In 2006 Charles Schumer and taken to the pages of Michael Bloomberg wall street journal To express his concerns about New York. Both the senator and the mayor feared that the Big Apple was losing its financial edge. After all, it captured only one of the 24 largest initial public offerings (IPOs) of the previous year (IPOS).
The New York Giants have nothing to worry about these days. In the battle between global financial centres, the city is fast becoming a force to be reckoned with. This is especially true when it comes to stock markets, where America’s financial center is looking to expand its already comfortable lead.
On 3 March, a British semiconductor firm owned by SoftBank, a Japanese investment organisation, announced it would list only in New York, rejecting a campaign by British ministers to encourage a London listing. one day before, crh, a London-listed building-materials firm, said it would move its main inventory to New York. Other European countries have also lost. In the same week Linde, a chemical firm that until recently was Germany’s largest component dex Index, while retaining its US listing, dropped Frankfurt.
Chinese companies are also looking west after nearly two years of stagnation. New rules published last month by the country’s securities regulator mean foreign listings will be scrutinized more closely, but they also provide an opportunity for more firms to list overseas. Last month, Hesai Group, a Chinese electronics company, raised $190 million on Nasdaq, the biggest Chinese listing in the US since 2021. Sheen, a fashion firm, is reportedly looking to float its shares in New York. US regulators may be tough on Chinese firms by employing sanctions and export controls, but the Big Apple seems to have retained its charm.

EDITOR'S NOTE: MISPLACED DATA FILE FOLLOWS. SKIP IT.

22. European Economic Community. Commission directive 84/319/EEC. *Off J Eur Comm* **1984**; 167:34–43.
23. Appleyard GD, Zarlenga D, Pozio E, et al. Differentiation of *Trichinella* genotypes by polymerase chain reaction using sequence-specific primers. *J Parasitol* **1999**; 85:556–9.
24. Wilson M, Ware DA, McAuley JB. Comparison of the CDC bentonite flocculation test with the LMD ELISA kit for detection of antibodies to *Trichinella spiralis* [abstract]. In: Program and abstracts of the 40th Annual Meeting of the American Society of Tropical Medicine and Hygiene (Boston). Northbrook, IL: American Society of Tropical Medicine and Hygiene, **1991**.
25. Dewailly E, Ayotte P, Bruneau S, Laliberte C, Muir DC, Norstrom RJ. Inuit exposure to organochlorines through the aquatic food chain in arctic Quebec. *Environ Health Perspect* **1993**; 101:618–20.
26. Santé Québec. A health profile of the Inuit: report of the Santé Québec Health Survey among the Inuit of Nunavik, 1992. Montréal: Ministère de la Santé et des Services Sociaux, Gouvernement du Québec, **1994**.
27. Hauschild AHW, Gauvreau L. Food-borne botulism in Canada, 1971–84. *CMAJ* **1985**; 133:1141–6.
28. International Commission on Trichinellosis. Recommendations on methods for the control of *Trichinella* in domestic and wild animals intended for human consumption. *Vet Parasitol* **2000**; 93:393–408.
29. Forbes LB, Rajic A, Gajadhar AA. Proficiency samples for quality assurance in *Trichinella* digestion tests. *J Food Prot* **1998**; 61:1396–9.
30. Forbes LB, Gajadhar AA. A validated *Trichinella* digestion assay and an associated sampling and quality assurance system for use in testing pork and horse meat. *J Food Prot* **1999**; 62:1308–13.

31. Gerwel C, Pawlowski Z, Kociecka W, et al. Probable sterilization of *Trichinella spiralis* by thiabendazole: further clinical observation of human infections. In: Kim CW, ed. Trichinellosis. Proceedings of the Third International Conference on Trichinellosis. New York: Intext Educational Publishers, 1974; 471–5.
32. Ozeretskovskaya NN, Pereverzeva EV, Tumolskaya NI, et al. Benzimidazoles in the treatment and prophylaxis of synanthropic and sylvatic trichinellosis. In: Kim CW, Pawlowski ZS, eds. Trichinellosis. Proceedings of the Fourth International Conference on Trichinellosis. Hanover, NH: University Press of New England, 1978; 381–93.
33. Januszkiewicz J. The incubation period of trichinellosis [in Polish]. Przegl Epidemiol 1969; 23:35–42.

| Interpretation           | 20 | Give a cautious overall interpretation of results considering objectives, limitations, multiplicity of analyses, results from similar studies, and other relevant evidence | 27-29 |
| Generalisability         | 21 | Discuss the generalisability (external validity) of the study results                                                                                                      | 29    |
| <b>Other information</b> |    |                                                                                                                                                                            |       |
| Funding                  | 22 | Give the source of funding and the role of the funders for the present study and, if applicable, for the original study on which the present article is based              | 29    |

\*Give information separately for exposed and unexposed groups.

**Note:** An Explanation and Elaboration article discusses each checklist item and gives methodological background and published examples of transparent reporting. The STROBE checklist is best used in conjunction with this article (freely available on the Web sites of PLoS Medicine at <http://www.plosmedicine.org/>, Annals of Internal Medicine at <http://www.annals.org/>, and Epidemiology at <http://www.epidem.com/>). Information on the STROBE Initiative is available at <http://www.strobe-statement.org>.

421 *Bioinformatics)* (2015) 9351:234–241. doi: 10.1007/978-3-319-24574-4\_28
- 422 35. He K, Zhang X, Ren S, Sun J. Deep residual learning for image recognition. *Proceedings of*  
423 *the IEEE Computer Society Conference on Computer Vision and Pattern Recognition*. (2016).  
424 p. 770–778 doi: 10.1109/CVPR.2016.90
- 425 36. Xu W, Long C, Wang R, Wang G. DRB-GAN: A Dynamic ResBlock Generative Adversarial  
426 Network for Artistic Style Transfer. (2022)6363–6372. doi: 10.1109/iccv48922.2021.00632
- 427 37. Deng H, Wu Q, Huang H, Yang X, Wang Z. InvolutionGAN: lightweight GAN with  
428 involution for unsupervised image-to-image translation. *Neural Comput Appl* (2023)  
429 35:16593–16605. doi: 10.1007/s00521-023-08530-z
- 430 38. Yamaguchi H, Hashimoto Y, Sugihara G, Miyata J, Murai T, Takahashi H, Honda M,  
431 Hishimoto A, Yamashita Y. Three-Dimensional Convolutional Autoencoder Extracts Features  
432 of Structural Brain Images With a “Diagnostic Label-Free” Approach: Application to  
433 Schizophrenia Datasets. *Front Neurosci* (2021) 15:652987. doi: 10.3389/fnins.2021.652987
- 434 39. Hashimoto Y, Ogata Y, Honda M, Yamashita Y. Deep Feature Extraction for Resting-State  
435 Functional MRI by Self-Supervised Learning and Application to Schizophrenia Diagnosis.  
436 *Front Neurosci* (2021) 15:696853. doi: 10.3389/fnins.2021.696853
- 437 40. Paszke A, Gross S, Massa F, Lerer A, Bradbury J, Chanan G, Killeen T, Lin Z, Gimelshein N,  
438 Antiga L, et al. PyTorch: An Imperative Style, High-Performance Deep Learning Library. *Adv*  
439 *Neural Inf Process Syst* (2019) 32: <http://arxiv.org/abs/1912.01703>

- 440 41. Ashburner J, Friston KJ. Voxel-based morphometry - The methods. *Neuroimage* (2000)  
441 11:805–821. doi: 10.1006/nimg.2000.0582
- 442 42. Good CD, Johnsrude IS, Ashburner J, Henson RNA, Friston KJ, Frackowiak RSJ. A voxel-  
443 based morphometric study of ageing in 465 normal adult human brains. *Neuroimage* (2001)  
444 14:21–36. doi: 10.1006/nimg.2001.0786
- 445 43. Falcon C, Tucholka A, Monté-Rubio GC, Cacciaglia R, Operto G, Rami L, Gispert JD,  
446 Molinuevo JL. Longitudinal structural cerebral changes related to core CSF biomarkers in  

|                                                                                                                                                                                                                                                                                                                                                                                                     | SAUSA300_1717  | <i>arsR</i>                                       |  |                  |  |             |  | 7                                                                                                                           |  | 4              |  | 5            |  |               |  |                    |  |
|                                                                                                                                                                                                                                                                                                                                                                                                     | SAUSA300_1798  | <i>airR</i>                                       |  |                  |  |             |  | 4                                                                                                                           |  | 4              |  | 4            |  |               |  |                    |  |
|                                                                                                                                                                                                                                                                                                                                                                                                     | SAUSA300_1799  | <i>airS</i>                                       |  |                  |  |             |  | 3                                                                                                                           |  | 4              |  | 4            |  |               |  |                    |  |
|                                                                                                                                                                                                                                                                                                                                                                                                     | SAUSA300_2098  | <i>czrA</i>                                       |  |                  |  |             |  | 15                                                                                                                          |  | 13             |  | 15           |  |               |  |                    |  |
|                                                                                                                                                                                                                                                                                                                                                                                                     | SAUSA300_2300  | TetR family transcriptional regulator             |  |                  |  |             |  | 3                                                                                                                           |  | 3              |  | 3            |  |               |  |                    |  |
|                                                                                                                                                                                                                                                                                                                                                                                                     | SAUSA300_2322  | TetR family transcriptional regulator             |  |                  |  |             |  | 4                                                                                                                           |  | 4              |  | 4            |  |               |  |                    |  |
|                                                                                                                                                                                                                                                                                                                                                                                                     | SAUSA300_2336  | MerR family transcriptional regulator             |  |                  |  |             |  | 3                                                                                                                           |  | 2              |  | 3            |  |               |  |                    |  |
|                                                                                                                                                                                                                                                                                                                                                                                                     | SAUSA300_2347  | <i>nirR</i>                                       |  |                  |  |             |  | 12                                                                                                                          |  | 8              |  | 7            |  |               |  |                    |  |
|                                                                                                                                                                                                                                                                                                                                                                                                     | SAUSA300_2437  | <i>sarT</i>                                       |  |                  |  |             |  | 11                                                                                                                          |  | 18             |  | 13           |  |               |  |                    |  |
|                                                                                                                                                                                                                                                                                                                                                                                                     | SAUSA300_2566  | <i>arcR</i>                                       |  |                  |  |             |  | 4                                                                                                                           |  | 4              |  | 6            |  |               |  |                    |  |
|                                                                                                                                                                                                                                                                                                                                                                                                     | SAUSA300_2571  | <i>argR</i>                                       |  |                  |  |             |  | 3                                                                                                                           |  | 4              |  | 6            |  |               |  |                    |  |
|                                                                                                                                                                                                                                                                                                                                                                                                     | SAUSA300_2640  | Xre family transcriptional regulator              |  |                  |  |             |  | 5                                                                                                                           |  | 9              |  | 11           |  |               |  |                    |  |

trend reflects the failures of Hong Kong and London, the only stockmarket that could really compete with the New York. In the past four quarters, during which trading was slow, US exchanges won $24 billion overseas IPOThat’s more than eight times that managed by London and Hong Kong (excluding Chinese stocks) combined, according to Dealogic, a data provider. In 2019, by contrast, New York only took three times as many businesses.
Hong Kong’s stock market once generated some attraction for foreign companies including Russian aluminum firm Rusal; Prada, an Italian fashion house; and Samsonite, an American luggage company. But the city’s current listing pipeline includes few companies from outside China. Meanwhile, London has its drawbacks. A common complaint is the lack of a natural base of investors. UK pension funds and insurers invest a particularly small proportion of their assets in domestic shares.
The stock exchanges in Shanghai and Shenzhen are very large, with a combined total market capitalization of over $12 trillion. But the Chinese Communist Party is an ever-present threat, and Chinese stock markets still behave somewhat irrationally. In fact, shares of firms listed on the Mainland and Hong Kong exchanges are about 40% more expensive in the Mainland. Tokyo’s stockmarket is also large, with a total market capitalization of around $5.4 trillion, but manages to attract very little international trading these days.
Other places can’t match the load of the big three. Amsterdam and Dubai have developed, but remain regional, obscure, or both. Singapore, which overtook Hong Kong in last year’s Global Financial Centers Index, compiled by consultancy Z/Yen, is a growing wealth-management centre, but remains a laggard when it comes to stocks. .
As Messrs. Schumer and Bloomberg can attest, financial competition sometimes changes in unexpected ways. Right now, however, New York appears to be the listing venue of choice for companies in the US, Europe, and when authorities on both sides allow it, even China. It is rapidly moving away from the rest of the field.